New 'Five-O' off to promising start
By Wayne Harada
A new "Hawaii Five-O" pilot will soon begin filming here, as CBS strives to reboot, recycle and reinvent one of television's iconic shows.
But should the "Five-O" franchise be tampered with? Is Jack Lord, the original Steve McGarrett, rolling in his grave? Does lightning strike again?
It's not the first time that the network is attempting to reignite the magic that was "Five-O."
Remember the earlier debacle with Gary Busey? Recall the recent plan that would have a McGarrett son carry on dad's crimefighting mission? Remember all the buzz of a big-screen reincarnation with bigger names?
Is nothing sacred?
On the one hand, no one can replicate the stilted charm of Lord, who put style and starch in his McGarrett character, and played it with precise control for 12 seasons, from 1968 to 1980, then the longest-running police drama (since eclipsed by "Law & Order").
The show was groundbreaking in its time — the first to shoot entirely in the Islands, with daily rushes sent back to the West Coast (hey, this was before the digital age) — and was a boon to Island tourism thanks to images of the mythical state police unit battling crime and evil-doers in a tropical paradise. The vistas were truly marvelous, particularly during Mainland winter storms.
Imagine what good a sun-baked environment on the tube would do to spur visitors here now, in the wake of the recent whiteout on the East Coast and the lingering down economy.
Which brings up casting. Alex O'Loughlin (pronounced oh-lock-lin), an Australian, has been tapped to take on the Lord/McGarrett challenge, and those are big shoes to fill. He has to curb his Down Under accent; he's kind of a young hunk, which makes him marketable; and he's an apparent darling of the network, who had him starring in two failed CBS shows: the vampire outing "Moonlight," where O'Loughlin played Mick St. John for 16 episodes in 2008,and the medical drama "Three Rivers," where he portrayed Dr. Andy Yablonski for a mere 10 episodes earlier this season. So will three be his lucky charm?
For years, there has been talk about a movie version of "Five-O," with names like George Clooney, Harrison Ford, Michael Douglas and Alec Baldwin heading the rumor mills. More recently, there was that "Five-O" junior-grade update plan, where a McGarrett son named Chris would head the elite police on the big screen.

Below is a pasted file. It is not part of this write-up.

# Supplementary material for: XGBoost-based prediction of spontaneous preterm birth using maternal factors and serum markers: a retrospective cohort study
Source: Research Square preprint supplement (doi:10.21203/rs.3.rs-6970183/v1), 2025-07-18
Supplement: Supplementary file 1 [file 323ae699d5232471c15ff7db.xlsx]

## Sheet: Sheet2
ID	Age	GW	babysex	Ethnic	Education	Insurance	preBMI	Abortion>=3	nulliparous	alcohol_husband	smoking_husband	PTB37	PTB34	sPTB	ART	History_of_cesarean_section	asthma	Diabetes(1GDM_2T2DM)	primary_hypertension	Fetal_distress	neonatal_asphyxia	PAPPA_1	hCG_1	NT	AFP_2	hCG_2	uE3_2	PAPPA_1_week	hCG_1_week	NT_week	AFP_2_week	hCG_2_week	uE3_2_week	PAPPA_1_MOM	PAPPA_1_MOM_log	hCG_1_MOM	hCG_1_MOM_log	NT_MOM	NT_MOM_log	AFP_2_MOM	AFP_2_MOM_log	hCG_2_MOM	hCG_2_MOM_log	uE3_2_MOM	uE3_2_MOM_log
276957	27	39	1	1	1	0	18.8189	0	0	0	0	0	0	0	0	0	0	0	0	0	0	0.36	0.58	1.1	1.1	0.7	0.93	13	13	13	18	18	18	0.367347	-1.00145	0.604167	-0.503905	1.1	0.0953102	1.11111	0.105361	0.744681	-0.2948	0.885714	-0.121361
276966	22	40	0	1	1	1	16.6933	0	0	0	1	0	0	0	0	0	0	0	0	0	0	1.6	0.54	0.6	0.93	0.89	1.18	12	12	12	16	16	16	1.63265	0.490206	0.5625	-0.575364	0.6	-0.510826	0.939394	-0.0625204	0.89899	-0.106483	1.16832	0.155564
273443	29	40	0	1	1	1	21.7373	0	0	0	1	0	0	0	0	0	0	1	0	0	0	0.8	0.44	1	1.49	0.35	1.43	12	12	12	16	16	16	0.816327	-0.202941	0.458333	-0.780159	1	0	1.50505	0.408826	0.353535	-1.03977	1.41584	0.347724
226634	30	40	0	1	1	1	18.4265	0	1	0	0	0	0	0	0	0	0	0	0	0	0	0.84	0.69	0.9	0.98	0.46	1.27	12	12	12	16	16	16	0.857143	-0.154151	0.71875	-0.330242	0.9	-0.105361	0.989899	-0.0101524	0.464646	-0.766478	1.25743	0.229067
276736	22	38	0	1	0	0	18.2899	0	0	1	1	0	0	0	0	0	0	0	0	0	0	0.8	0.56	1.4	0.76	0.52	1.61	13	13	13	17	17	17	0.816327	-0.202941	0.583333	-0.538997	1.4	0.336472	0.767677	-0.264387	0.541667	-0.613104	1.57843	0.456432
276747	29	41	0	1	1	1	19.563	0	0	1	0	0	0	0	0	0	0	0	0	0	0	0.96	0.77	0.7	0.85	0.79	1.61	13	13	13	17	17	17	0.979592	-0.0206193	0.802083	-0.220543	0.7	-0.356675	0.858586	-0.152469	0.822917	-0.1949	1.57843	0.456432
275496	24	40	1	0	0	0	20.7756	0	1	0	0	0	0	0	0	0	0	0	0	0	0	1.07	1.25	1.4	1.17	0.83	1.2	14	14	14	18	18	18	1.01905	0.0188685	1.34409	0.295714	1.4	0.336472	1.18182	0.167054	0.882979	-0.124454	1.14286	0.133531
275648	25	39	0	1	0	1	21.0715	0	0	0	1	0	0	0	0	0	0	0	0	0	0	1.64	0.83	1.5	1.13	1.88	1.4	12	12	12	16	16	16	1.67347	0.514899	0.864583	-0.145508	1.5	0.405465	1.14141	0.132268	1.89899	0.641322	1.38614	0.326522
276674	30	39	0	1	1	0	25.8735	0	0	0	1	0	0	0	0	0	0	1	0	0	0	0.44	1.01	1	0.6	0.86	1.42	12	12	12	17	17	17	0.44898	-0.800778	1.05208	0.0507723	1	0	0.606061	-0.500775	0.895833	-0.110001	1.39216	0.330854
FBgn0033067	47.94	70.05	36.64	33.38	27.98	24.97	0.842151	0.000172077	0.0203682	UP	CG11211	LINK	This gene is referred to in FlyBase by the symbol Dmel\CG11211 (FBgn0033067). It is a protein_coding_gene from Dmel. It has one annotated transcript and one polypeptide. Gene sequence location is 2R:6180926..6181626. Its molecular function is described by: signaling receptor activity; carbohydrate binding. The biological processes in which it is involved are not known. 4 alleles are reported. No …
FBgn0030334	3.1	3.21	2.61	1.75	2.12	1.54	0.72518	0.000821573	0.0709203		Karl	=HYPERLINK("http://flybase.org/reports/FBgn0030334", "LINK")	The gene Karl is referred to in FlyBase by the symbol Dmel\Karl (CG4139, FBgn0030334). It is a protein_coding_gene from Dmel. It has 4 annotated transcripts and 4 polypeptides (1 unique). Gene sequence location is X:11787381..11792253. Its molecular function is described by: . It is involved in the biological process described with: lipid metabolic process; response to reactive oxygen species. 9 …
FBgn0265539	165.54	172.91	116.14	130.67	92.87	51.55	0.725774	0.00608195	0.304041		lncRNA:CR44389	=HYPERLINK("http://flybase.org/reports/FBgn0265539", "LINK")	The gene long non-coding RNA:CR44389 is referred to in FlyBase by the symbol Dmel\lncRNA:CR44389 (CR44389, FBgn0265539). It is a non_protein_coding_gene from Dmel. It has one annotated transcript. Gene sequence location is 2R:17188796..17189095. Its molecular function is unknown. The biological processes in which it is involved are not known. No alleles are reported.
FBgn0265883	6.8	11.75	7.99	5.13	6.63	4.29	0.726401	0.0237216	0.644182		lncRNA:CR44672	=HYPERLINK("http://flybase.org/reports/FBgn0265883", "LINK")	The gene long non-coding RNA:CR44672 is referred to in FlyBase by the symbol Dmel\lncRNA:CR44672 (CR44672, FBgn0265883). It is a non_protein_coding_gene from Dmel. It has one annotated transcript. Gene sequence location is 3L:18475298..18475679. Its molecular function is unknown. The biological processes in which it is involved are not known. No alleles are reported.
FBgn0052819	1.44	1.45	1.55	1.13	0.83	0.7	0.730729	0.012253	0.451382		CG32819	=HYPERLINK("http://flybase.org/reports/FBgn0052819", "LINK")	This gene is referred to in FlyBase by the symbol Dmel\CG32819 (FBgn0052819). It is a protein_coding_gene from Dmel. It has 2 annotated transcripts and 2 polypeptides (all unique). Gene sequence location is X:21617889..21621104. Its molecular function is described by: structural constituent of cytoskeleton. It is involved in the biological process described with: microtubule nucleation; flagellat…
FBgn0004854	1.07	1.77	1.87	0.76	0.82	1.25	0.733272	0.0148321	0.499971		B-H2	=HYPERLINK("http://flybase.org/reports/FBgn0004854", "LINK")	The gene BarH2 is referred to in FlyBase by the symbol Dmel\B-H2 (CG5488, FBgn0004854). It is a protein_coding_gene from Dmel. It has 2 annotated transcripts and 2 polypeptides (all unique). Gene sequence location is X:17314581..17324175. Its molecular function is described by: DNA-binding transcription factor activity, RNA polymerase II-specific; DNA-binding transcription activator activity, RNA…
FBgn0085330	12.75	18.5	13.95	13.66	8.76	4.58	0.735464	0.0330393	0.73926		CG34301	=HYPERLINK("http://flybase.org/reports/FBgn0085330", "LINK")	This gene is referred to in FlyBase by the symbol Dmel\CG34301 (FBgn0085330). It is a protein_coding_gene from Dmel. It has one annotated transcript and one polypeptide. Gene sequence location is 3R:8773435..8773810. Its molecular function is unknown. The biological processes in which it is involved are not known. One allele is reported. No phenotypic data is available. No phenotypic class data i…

The 2010 revival heading this way already is blessed with the presence of Daniel Dae Kim, who was the first signed to the show, in the role ofstate police officer Chin Ho Kelly. He's the first "Lost" star to find momentum after the ABC show's closure this season.
Behind the scenes, there are savvy show magicians, with a pedigree of growing success, to tweak "Five-O": "Fringe" writer-producers Alex Kurtzman and Roberto Orci, who also were the screenwriters of "Transformers: Revenge of the Fallen" and "Star Trek," and Peter Lenkov, a producer of "CSI: New York."
Movies continue to scope previous TV hits for renewed life, and vice versa, but failures outnumber hits. The losers: "Dragnet," "Starsky and Hutch," "Miami Vice," "I Spy," "Land of the Lost," "The Dukes of Hazzard," "The Addams Family," "The X-Files," and "Bewitched." Among the triumphs: "Mission: Impossible," "The Fugitive," "Star Trek," "Charlie's Angels."
"The A-Team" arrives this summer with Liam Neeson, Jessica Biel, Bradley Cooper and Rampage Jackson, and in a twisteroo, "The Exorcist" will be revived this year with original director William Friedkin downsizing the 1973 horror thriller for a TV mini-series.
The beat goes on and on and on.
Let's hope this "Hawaii Five-O" captures the spirit and flavor of the old, and inspires a new generation of potential visitors to the 50th state. That was a bonus mission of the original. The new one should retain the solid formula of yesteryear — "Five-O" always had solid storytelling based on mythical but logical good-vs.-evil battles — without excessive violence or expletives. Just check the frequent syndicated airings or those season DVD collections — they're classic.